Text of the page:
"How climate change will affect communities depends a lot on other factors — like food prices," says John Reilly, co-director of the joint program, and the author of new research released this month in the Handbook on Climate Change and Agriculture.
Reilly's example, a chapter within the Handbook, centers on food prices and trade. Because food products are the most internationally traded commodity, and climate change is a global challenge, climate change won't have a straight cause and effect impact on food. Instead, its effect could be the opposite of what one might think, Reilly's research shows.
Environmental factors — droughts, floods, etc. — will have a negative effect on agriculture in some places, causing crop yields to be smaller than average. When there is less of a product, there is a greater demand, and prices rise. These higher prices will benefit farmers and exporting countries, but will hurt importing countries. So, agricultural losses bring economic gains to some.
The opposite may also occur. Climate change may have a positive effect on some regions, as some need the extra rain or a longer growing season for crops to flourish. With a more successful growing season and a plentiful supply, food prices would fall. Cheaper prices will be good for consumers in importing countries, but farmers and exporting countries will be receiving less money for the products they grow — a prosperous growing season brings a hit on their wallets.
"Supply and demand causes this reverse effect," Reilly says. "This relationship demonstrates that, when it comes to responding to the global challenges before us today, we need to take a broader view and consider not just how a region will respond to these changes, but also how other factors will come into play and what steps we need to take to balance these factors."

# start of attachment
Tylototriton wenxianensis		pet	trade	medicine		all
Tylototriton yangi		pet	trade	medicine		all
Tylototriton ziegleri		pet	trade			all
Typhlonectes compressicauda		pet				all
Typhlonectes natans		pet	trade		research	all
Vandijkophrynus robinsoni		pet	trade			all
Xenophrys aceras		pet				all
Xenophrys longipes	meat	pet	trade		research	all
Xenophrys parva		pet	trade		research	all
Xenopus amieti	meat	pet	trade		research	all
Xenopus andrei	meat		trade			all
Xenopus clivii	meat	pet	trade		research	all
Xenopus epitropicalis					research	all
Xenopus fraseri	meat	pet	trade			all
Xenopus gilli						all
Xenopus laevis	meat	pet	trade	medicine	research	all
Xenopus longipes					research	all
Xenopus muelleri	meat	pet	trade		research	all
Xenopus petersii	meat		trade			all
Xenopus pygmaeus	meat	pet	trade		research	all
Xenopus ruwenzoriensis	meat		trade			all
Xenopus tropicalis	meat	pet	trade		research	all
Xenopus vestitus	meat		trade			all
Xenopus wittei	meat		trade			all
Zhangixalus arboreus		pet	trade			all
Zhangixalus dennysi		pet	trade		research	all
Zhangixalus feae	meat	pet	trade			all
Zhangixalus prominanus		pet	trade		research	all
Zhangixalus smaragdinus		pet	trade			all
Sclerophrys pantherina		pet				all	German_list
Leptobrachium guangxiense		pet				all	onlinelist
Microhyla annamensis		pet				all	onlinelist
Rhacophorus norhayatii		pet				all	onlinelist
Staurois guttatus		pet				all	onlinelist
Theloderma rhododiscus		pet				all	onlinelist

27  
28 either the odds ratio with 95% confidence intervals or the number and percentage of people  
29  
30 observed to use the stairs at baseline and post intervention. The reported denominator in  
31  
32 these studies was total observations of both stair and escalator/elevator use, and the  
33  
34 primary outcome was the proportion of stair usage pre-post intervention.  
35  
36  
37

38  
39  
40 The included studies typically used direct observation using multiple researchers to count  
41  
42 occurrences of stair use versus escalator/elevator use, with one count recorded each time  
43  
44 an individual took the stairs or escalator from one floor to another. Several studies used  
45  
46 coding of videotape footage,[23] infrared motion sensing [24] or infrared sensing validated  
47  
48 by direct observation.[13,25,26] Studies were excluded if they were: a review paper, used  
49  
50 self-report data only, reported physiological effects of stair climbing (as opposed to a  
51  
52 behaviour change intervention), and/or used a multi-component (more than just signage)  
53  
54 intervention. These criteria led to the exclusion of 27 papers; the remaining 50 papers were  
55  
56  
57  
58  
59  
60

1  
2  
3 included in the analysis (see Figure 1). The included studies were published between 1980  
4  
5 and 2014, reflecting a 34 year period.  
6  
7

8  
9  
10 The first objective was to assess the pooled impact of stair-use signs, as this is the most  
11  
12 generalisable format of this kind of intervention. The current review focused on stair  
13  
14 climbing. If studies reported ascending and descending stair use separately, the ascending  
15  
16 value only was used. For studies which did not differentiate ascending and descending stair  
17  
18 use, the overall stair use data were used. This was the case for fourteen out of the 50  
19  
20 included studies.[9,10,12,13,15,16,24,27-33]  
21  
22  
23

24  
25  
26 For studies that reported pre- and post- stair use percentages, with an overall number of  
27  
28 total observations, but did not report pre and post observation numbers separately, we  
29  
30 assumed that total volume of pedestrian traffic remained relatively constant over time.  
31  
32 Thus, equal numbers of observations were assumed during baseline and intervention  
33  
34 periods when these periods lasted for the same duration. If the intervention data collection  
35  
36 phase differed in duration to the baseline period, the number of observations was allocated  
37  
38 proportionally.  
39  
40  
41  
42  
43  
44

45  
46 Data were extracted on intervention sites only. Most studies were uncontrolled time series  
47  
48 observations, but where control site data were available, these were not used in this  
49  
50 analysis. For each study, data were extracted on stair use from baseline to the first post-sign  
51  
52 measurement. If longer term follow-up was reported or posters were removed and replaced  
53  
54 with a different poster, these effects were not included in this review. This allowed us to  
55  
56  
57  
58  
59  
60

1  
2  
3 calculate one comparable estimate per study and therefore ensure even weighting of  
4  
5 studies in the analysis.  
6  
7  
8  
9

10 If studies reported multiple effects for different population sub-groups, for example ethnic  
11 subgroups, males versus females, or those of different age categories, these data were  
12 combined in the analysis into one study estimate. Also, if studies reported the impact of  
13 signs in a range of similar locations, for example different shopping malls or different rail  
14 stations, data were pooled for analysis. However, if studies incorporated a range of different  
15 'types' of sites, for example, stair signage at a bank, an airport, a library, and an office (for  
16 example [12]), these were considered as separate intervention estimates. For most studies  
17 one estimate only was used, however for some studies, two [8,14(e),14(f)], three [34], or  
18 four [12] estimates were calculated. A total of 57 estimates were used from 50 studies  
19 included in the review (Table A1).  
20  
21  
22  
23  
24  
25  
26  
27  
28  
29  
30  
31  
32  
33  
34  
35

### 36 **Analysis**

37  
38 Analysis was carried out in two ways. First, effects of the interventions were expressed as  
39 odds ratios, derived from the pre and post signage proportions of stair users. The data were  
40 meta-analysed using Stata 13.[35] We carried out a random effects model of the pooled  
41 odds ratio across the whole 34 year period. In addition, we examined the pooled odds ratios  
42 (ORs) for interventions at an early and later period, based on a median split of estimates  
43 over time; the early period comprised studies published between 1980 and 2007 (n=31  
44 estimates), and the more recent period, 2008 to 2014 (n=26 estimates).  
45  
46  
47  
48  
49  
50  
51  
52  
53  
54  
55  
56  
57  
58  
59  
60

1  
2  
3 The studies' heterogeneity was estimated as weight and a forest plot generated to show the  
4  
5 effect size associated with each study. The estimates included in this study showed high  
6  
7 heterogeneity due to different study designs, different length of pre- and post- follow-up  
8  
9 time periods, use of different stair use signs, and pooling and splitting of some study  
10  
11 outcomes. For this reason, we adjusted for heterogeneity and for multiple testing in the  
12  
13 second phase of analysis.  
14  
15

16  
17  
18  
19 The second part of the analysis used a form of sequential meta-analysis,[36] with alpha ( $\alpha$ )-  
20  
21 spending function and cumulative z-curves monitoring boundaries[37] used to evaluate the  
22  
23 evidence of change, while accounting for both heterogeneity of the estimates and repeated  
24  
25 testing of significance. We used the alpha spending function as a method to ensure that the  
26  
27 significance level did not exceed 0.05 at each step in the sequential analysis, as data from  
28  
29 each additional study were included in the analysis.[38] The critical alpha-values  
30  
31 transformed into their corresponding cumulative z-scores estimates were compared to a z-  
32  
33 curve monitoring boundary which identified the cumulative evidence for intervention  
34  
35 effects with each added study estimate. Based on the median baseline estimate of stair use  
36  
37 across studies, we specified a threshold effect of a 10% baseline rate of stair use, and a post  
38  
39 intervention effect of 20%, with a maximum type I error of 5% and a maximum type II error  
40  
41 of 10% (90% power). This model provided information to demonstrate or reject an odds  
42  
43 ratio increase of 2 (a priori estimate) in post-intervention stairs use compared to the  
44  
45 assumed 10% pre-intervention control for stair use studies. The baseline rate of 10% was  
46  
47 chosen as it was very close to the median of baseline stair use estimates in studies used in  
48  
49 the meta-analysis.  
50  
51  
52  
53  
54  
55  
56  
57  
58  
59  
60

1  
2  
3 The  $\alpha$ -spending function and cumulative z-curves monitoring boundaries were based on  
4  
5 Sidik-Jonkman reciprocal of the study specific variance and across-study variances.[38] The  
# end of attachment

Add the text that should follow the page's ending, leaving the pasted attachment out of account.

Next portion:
Adapting to change
Each year farmers make decisions: Should I use a new seed variety? Do I need new equipment? Policymakers also make decisions: How should crop insurance be formulated? Do food assistance programs need to change?
"Too often these decisions are made in one sphere with a set of limited facts, and projections that could influence these decisions are made in a separate sphere," Reilly says. "Along with taking a broad look at global challenges, we need to make projections useful in the short term and integrate our knowledge into the process so policymakers and stakeholders are able to make more informed decisions."
Reilly again uses the example from his research regarding trade and food prices. He says that whether or not adaptation measures make economic sense in a region depends on the global agricultural markets. If prices rise, it makes sense to add an irrigation system to improve crop yields. If prices fall, a region might decide it is no longer economical to invest in adaptation measures, even though it might allow the area to sustain agricultural production.
Adaptation strategies also work better in some areas, showing how important it is to not only measure how the Earth and human systems respond to climate change, but also how they respond to adaptation measures.
There are other factors to consider as well. For example, as populations increase across the globe, energy demand will rise, creating a competition for land to be used for things such as biofuels. Some researchers have found that biofuels, which prosper from long growing seasons and are not as sensitive to heat, might do well in tropical areas. But these regions would then likely need to import food.
These are the types of broad and integrated analyses that Reilly says would benefit policymakers and the international food industry.
"Figuring out what decision-makers and stakeholders need to know today to effectively prepare for tomorrow's challenges requires collaboration and integration," Reilly says. "That is especially true when we consider our food future."